Productivity and Process

In a recent issue of Bloomberg Businessweek, I read an article discussing US productivity.  This is a perennial topic of business magazines, simply because, as the article suggests, it is “hugely important.”  Ultimately, productivity determines both the rate of economic growth and the standard of living that people enjoy.  If workers can make more units per hour, then the cost per unit declines.  That means workers can buy more and the whole economy grows.

In spite of its importance, economists constantly bemoan the fact that they don't have a really good understanding of productivity.  As one economist put it:  It can take years to recognize when productivity is changing, let alone what is causing it.

In spite of this confusion, everyone recognizes that productivity has three basic sources:  hiring cheaper labor, making process improvements and using new technology.  Obviously they overlap, but consider them separately.  Technology in this case refers to new ways things can be done, new tools with which to do things, or new materials that allow both.  Process improvement, in this case, refers to the actual changes in work being done.   You could argue whether technology is involved or not if you simply show a worker a new set of steps to follow to accomplish some assembly task.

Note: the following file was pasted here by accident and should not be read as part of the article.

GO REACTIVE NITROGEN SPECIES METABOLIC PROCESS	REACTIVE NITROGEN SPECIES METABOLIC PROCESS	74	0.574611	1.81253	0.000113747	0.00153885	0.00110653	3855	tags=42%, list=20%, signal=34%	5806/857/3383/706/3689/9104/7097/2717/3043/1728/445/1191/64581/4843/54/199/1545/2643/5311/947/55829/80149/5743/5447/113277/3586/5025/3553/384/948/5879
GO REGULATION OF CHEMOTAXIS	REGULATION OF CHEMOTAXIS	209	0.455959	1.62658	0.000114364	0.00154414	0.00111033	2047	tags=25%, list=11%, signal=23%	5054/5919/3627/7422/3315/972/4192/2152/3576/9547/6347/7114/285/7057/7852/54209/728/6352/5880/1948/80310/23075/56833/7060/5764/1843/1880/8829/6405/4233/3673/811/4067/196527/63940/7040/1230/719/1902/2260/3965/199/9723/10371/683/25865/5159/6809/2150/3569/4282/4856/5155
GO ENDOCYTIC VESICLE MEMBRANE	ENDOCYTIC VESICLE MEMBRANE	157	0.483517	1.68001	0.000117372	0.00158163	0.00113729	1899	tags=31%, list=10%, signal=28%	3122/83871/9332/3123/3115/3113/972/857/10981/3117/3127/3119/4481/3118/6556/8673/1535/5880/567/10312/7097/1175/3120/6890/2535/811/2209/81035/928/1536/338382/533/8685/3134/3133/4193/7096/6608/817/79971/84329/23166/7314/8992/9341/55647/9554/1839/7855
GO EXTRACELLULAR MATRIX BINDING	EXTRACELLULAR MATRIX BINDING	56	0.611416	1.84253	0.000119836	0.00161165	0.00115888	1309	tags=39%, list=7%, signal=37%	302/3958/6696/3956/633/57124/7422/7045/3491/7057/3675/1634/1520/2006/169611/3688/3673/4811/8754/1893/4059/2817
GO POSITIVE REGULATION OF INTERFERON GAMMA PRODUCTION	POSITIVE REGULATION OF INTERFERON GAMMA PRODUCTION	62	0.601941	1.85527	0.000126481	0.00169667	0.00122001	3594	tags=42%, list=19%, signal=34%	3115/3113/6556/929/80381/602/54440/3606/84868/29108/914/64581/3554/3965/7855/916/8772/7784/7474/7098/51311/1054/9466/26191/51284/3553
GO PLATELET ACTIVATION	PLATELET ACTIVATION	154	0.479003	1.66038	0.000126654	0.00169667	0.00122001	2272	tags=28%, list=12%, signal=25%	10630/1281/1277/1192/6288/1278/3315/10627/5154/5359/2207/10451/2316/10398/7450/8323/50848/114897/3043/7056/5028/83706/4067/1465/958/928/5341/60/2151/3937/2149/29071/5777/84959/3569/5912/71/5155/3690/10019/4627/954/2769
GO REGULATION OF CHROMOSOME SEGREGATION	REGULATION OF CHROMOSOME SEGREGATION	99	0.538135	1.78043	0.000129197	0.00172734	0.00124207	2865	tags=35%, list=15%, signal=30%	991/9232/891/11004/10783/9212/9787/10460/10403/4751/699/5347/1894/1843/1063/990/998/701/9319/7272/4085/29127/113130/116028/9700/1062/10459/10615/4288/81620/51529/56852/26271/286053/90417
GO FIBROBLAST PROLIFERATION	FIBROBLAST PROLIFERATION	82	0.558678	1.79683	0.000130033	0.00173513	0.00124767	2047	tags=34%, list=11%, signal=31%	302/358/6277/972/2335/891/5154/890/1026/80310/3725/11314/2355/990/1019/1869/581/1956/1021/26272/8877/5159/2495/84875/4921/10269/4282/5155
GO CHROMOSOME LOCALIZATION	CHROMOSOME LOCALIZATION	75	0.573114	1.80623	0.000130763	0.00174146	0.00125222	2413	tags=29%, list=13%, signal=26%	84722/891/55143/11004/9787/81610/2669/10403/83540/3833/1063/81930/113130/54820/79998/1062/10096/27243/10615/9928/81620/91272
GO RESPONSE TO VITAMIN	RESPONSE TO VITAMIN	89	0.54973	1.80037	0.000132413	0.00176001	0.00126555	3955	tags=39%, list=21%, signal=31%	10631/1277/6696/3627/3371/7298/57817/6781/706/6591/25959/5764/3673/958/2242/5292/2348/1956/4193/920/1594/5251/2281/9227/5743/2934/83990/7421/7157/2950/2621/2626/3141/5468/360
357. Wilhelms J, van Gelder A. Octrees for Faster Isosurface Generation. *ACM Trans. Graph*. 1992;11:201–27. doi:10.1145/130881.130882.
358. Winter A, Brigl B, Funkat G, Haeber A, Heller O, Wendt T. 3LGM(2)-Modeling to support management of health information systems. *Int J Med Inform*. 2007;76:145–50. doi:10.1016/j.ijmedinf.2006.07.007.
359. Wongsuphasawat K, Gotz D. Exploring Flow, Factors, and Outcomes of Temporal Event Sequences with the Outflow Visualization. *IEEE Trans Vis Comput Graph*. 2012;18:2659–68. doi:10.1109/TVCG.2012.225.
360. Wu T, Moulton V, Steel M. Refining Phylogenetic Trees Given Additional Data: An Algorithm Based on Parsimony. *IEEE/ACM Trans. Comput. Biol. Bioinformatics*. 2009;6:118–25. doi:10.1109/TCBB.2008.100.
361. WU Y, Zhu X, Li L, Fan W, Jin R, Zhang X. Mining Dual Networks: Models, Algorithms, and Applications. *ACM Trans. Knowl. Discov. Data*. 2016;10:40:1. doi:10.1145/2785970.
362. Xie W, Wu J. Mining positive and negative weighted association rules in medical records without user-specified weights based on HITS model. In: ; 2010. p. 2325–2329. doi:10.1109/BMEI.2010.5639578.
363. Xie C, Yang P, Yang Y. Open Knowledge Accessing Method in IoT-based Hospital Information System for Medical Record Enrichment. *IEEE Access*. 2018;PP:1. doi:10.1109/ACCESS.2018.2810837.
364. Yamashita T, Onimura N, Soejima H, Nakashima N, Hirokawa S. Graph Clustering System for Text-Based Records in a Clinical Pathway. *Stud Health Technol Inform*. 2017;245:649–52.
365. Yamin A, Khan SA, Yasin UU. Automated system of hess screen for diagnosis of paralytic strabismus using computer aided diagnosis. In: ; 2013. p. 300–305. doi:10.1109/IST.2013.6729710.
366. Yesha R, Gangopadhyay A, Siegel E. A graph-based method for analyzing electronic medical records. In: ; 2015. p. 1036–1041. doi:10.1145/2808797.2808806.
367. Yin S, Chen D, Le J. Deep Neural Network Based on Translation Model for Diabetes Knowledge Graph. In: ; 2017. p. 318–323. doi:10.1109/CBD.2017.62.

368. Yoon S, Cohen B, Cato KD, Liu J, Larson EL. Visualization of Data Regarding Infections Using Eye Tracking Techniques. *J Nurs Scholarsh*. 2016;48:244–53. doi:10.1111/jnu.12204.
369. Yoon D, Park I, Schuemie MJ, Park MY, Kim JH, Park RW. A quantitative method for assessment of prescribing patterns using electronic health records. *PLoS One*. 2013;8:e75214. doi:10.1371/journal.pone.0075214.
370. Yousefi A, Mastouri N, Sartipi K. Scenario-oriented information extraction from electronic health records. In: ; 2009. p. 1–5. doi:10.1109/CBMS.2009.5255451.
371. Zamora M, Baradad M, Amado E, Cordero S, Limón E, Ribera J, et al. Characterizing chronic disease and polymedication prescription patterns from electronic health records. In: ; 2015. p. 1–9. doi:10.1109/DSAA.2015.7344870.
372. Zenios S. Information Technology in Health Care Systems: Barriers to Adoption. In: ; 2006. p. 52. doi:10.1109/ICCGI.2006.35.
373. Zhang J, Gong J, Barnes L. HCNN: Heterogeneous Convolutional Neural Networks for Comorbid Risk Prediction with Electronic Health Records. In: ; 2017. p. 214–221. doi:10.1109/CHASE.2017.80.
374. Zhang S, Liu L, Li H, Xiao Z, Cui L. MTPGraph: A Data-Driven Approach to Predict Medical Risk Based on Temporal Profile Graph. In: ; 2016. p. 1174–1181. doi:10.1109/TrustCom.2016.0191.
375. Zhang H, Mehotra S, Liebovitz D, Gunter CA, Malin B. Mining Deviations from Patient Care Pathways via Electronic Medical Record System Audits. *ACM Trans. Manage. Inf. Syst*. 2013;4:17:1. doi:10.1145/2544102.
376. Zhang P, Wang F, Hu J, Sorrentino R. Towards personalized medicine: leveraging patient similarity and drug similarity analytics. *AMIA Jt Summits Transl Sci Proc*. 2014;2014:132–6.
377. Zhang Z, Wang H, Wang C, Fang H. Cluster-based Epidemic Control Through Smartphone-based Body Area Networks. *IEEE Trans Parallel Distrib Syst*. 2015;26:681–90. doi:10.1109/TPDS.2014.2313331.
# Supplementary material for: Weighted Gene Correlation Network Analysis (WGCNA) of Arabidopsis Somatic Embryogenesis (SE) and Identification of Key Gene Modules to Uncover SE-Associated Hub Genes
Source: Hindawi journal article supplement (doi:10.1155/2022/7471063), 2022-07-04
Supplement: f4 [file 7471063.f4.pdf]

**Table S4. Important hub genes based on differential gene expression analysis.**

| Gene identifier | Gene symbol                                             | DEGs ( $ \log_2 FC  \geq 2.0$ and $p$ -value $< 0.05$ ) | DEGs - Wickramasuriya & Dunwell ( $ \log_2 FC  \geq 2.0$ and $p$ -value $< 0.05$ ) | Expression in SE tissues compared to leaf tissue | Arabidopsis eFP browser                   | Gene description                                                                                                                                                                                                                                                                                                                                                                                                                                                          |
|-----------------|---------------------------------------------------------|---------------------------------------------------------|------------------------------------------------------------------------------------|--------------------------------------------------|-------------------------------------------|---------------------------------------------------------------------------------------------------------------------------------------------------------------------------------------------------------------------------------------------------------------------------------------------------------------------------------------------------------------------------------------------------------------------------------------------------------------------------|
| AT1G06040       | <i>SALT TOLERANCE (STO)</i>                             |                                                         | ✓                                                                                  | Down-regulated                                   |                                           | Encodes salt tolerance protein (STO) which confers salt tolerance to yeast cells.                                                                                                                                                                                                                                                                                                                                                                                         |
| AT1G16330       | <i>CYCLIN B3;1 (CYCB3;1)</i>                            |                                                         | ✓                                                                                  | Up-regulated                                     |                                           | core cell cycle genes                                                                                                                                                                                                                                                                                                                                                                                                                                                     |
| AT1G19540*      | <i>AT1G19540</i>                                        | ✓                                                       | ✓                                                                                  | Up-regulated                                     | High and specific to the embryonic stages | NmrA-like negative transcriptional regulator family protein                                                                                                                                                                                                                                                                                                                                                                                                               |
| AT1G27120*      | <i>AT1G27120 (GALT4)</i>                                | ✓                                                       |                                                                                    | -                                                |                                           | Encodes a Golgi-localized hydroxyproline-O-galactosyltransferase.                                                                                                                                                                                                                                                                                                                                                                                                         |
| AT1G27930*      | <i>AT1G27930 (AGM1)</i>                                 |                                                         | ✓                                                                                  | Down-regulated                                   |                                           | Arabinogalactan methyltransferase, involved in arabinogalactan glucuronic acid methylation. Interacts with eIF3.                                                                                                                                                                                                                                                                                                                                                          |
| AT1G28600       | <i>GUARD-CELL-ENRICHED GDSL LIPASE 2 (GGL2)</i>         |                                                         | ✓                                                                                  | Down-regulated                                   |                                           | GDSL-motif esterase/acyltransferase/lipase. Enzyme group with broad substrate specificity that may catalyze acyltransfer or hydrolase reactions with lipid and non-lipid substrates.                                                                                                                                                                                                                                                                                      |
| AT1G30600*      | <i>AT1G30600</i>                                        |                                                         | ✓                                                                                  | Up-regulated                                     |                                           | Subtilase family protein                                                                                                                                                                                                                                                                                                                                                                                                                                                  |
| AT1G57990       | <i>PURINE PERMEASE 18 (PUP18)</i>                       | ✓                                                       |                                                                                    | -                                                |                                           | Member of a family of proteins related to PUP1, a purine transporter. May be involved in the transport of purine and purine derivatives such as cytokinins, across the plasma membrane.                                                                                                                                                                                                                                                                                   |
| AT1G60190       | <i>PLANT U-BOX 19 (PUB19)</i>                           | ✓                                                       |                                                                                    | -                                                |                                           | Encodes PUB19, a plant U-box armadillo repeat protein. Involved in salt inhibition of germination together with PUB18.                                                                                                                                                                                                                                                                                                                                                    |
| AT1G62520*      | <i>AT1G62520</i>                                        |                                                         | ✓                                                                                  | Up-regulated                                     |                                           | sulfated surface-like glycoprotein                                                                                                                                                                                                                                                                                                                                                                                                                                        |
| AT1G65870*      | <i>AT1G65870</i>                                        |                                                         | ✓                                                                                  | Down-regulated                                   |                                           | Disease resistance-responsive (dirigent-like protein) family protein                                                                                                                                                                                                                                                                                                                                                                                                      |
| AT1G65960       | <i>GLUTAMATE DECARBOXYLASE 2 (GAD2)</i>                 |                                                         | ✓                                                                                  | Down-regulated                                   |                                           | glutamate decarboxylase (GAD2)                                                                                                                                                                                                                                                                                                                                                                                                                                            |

In the past decades the world has been amazingly productive, in part because new groups of cheaper employees have been brought into the workforce — in Chana for example,  new technologies have significantly reduced the costs of certain types of work — Computers — and because companies have made better use of business process improvement.   The cost of labor in China is rising rather quickly, and computers are nearing the physical limits of their amazing demonstration of Moore's Law.  Increasingly, companies, especially in the US, will need to rely on getting increases in productivity via process improvement.

Luckily this is still possible.  Few service processes are well designed.  The use of the Web and online shopping has done a lot to reduce service processing costs, but much more can be done.  Similarly, we have only scratched the possibilities of designing more efficient business processes for complex process applications.  The growing demand for tailored products will drive innovation in this area.

The interest in process improvement isn't going to go away soon.  Increasingly, the essence of increasing productivity is investing in process improvement.   And, as the economist said, that's “Hugely important.”